Wow! Yellowface is alive and thriving in deepest Dalston with More Light at the Arcola Theatre, written by Bryony Lavery and directed by Catrina Lear.
Imagine, if you will, a return to ye olden days of the almost complete absence of actors of colour from TV, when white entertainers blacked up and sang songs about their dear old mammy and grinning piccaninnies chowed down on watermelon. The Arcola (the c is hard, not soft, in case you wondered) gives us a sort of menstrual minstrel show for 21st century theatregoers getting to grips with sexual politics, while race issues pass right over someone's head.
Here we are, rendered invisible yet again in a story about, ha!, get this, the burial of Chinese women.
Set in the fabulous tomb of the First Emperor, Qin Shi Huang, who has just died, seven concubines have been sealed in to continue their duties in the afterlife, but contrive to survive in what's left of this one.
Foot-binding, beastly emperors who bury their womenfolk alive, and cannibalism are all delivered by a troupe of white gals in Japanese kimonos (presumably for added authenticity), yet not one single, solitary Asian actress is to be found in what looks like as anachronistic a piece of orientalism as you can find. What an all-white cast is doing yellowing up in multicultural E8 is beyond me. Not one black woman, no south Asian, no east Asian, no-one reflecting the mixed make-up of the area ... are the theatre producers and commentators completely out of touch with the rest of us? Or couldn't they find any ethnics who'd want to be in it?
Are minorities supposed to gaze in awe at white actors (mis)interpreting us and our history? Or aren't we expected to participate in British cultural life?
I guess now that the Chinese are set to be the new superpower and a juicy new market presents itself, we're going to be inundated by a tsunami of this sort of sensationalist titillation. Not for nothing did the Terracotta Warriors provide a whole new cultural seam to plunder.
The reviewers seem none the wiser.
The Guardian, which has masqueraded as enlightened and liberal for far too long, gives it four out of five stars and witters on about it being, "a meditation on different kinds of meat, a celebration of sisterhood and an examination of how art is valued in a dominant male culture."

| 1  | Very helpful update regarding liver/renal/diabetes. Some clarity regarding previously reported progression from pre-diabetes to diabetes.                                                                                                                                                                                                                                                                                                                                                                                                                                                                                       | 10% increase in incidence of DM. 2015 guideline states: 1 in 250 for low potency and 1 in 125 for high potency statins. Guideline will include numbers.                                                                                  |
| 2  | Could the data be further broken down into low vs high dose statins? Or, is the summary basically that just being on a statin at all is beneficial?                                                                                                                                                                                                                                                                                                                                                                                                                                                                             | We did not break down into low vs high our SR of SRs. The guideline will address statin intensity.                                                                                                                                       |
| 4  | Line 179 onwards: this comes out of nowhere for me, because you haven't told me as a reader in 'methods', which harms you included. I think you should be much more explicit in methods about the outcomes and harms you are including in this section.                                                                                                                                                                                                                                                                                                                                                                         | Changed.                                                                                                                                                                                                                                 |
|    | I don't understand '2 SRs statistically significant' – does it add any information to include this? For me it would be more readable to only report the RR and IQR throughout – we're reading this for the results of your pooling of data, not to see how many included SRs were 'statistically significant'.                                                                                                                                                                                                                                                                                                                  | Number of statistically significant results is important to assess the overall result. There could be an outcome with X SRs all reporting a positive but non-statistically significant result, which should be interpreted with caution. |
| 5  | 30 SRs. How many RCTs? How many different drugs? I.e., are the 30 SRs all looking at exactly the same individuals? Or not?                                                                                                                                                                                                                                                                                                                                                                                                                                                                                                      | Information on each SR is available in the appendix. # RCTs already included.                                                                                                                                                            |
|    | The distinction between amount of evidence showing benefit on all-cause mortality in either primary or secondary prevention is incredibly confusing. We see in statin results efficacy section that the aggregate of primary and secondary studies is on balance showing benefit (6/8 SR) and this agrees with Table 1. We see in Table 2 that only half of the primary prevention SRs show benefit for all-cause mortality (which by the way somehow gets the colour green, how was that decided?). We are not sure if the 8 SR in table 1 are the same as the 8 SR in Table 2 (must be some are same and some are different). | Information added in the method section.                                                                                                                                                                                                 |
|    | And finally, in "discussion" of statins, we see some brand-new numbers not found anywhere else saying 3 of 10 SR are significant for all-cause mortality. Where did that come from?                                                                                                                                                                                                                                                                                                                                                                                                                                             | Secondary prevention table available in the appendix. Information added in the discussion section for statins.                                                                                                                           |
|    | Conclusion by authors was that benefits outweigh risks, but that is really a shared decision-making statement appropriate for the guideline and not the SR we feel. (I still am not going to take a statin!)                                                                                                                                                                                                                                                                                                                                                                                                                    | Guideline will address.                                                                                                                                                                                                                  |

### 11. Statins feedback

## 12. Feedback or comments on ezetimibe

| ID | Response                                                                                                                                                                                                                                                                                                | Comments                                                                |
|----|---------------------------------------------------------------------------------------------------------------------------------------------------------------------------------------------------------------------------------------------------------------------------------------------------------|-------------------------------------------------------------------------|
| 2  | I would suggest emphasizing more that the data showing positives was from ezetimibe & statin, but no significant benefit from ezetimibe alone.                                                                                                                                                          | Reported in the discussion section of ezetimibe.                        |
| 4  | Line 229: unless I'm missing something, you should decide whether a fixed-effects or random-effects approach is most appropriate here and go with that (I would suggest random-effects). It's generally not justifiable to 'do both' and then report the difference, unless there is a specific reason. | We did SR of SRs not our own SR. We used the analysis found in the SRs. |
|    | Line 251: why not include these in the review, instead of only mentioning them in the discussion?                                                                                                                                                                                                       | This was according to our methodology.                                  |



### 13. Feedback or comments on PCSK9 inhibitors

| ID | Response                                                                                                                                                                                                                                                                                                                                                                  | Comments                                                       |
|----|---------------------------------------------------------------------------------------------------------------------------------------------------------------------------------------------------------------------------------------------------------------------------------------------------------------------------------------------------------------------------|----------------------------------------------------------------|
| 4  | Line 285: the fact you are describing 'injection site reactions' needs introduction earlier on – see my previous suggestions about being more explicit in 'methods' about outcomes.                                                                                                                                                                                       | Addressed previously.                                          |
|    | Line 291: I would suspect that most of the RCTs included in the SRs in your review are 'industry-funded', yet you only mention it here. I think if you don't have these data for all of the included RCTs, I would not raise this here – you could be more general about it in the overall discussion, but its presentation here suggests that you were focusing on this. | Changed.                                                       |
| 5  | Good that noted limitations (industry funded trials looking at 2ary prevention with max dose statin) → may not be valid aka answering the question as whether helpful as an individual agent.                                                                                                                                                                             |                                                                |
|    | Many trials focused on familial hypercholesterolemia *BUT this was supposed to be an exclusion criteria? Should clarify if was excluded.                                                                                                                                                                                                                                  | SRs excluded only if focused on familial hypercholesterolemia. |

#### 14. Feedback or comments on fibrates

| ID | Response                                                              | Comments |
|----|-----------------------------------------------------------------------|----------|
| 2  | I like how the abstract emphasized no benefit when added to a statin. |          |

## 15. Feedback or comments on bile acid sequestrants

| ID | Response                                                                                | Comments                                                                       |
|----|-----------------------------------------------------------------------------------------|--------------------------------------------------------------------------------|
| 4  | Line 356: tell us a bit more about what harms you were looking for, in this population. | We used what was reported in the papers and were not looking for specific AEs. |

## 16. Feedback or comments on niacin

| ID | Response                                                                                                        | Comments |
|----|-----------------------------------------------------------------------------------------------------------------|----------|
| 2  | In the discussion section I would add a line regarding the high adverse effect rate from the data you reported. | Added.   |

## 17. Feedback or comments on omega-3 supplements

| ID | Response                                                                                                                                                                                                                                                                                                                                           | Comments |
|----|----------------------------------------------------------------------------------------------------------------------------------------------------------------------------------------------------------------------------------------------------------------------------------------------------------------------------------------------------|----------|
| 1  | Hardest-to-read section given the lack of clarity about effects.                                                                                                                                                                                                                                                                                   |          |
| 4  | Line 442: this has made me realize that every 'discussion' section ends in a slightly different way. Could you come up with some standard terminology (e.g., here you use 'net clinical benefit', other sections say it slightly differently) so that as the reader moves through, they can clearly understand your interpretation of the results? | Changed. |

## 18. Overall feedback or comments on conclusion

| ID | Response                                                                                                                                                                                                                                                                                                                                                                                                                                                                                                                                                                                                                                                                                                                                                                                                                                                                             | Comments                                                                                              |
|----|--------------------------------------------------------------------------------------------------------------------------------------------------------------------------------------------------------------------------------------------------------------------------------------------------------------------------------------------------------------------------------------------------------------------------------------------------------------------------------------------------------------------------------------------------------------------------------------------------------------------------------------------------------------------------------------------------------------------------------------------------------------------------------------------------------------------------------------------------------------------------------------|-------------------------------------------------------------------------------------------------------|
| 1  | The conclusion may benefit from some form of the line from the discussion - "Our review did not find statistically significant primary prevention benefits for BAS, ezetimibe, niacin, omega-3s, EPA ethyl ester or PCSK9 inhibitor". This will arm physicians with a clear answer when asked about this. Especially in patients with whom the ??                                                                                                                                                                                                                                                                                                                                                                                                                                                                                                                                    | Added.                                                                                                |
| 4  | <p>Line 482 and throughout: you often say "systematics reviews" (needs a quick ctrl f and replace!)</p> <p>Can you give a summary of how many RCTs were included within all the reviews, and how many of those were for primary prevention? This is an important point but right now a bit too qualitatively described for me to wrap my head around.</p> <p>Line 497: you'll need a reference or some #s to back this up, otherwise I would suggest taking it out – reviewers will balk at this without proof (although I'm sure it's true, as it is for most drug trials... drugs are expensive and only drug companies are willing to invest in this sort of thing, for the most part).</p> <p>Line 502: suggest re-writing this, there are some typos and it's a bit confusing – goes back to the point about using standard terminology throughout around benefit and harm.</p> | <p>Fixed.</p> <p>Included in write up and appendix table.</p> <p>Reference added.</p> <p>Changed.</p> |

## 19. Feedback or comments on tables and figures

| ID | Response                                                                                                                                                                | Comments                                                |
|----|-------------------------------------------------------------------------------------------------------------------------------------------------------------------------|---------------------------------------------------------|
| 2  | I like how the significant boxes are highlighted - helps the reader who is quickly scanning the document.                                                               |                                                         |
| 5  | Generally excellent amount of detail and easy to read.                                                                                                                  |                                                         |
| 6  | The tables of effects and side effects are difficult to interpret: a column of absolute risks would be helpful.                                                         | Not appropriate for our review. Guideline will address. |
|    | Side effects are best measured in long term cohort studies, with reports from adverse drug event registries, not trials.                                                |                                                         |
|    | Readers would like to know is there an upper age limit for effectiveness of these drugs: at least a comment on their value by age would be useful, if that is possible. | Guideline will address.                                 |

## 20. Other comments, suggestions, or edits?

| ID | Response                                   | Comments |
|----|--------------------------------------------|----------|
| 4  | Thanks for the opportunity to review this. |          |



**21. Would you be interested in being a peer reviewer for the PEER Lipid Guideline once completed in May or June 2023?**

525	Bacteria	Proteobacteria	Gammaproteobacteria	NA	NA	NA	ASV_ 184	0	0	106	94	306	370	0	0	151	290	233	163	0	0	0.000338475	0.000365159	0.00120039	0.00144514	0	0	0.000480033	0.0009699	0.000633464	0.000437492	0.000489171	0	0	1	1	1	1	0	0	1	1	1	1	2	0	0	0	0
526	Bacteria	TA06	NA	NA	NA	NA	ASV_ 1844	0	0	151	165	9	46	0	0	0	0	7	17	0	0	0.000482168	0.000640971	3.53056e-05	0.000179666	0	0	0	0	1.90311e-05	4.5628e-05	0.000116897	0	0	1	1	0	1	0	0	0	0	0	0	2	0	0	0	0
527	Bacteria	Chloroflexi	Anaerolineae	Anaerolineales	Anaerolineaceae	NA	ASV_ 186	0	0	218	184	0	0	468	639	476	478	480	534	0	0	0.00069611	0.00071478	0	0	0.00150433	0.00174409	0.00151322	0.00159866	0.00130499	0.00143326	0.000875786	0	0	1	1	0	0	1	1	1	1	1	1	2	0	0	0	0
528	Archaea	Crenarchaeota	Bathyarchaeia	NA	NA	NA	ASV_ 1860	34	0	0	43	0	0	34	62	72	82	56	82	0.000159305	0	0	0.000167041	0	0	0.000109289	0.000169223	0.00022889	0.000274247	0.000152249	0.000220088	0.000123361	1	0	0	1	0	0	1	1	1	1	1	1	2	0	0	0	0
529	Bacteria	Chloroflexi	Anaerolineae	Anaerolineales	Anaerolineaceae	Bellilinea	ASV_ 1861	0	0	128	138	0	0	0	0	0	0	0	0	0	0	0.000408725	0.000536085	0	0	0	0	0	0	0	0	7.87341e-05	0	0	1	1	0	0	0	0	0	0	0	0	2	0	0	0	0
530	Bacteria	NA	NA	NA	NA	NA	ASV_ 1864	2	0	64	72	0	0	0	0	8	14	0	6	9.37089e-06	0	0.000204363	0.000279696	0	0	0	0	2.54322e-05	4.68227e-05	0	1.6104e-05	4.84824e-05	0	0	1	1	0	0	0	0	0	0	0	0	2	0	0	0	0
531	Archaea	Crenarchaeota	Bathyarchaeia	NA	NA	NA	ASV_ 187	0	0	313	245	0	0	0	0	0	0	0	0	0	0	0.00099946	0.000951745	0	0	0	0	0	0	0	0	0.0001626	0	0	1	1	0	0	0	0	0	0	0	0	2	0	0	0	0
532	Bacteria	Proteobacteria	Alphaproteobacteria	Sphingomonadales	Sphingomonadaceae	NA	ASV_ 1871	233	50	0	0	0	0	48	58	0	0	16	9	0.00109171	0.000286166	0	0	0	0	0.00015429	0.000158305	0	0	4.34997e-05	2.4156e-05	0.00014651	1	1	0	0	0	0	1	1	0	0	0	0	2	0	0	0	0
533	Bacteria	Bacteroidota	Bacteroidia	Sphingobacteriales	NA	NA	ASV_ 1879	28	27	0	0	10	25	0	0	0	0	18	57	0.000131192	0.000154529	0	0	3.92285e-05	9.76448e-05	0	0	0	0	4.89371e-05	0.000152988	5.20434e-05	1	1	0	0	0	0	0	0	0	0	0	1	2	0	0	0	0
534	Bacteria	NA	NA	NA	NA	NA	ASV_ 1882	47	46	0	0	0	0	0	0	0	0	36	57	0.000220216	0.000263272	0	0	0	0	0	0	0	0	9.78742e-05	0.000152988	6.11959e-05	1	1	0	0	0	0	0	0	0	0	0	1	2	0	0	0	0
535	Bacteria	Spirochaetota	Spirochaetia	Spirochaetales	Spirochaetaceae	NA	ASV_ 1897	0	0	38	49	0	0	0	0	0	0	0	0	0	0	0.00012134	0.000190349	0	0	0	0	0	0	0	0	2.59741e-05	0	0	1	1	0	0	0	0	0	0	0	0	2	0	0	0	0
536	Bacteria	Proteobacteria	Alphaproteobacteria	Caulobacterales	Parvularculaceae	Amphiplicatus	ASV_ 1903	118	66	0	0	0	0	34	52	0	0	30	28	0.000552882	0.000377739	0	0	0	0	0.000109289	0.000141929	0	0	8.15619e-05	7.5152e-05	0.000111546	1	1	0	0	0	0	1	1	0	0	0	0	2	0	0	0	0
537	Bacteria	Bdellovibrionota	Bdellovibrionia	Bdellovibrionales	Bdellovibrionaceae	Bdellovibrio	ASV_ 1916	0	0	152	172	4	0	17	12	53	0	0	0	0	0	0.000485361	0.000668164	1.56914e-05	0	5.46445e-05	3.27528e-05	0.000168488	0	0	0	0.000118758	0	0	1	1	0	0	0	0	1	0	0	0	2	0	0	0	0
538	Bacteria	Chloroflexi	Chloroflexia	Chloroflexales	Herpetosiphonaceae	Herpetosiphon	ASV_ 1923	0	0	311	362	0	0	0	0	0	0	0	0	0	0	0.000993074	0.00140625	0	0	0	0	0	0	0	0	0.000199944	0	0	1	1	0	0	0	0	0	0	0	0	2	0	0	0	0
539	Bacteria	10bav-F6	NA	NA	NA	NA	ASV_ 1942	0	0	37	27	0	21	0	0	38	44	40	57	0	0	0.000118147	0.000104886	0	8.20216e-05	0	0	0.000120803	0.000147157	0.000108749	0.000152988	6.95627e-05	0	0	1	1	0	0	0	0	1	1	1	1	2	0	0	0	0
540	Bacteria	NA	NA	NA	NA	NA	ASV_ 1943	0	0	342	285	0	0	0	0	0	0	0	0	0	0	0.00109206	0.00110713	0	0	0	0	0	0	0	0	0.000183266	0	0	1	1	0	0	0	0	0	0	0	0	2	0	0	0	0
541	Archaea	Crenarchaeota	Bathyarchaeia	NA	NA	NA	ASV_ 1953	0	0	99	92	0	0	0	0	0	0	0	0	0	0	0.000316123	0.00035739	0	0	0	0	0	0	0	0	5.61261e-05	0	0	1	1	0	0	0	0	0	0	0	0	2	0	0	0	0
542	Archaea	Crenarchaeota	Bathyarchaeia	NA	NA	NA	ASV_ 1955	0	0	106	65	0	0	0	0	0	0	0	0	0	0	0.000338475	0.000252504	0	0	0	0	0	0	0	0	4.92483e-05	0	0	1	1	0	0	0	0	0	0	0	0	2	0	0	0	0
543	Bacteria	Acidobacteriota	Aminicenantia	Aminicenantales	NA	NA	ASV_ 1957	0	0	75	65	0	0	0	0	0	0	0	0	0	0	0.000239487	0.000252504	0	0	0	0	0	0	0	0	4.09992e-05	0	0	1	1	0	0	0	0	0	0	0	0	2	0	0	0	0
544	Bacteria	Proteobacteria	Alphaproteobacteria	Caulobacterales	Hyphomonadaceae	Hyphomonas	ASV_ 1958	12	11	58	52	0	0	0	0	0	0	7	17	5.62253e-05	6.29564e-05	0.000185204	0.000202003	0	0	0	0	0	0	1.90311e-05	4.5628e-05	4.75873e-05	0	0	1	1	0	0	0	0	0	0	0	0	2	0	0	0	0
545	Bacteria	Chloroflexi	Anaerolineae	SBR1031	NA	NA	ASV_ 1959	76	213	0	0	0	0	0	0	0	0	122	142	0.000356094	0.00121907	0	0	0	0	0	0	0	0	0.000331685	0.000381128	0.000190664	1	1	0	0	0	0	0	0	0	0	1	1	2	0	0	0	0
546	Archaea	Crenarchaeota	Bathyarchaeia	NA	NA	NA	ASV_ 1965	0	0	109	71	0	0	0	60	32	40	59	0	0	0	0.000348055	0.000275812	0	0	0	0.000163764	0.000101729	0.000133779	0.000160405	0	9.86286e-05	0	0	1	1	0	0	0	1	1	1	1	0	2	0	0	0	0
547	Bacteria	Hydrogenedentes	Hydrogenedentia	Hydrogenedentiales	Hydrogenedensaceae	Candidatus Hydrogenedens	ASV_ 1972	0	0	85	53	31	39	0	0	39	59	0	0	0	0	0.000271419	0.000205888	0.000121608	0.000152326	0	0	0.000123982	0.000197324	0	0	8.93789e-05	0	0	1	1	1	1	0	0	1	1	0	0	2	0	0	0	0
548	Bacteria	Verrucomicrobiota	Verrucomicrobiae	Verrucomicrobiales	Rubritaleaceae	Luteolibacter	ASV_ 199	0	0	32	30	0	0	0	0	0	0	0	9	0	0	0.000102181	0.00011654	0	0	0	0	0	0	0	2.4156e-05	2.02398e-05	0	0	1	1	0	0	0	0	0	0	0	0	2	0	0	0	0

Not to this sister, it ain't.
Times online's lurid review reads: "Lavery’s response to this macabre tale imagines the fate of seven concubines and stirs the politics of sex and art into a rich stew whose shiver-inducing main ingredient is human flesh — the meat on which the women survive, first with revulsion, then with greedy enjoyment. It’s both mouth-watering and repellent."
Ooh, I must go and see it, then.
The Times tries to adopt the lexicon of the oppressed but hilariously misses the big picture big time "... they are the victims of a highly refined form of objectification."
Oh really. Join the bleedin' club.
UPDATE: Sorry to spend any more time on this miserable throwback, but Time Out describes the actors as mincing around "on tippy toes like Barbie dolls", I assume, to approximate bound feet. Hmm. Shame that footbinding only existed between the 10th and 20th centuries, over a millennium away from the 210 BCE date of the First Emperor's death. But don't let this fact put off the producers and whatever fantasy they have about Chinese and the lazy way they are determined to portray us here. Oh, I bet they relished the idea of a show that incorporated exotic sex and death and cannibalism, a right load of barbarian Other for a bunch of nice white girls to play.
How much contempt must you have for a people in order to get this so very wrong?
I'm amazed the Arts Council funded this crap when they are supposed to be promoting diversity.
UPDATE 2: There's a bit of a ruckus going on at the Guardian over this.
What Wikipedia has to say about the phenomenon of Yellowface.
Thanks to Gladys Ong for the hat-tip.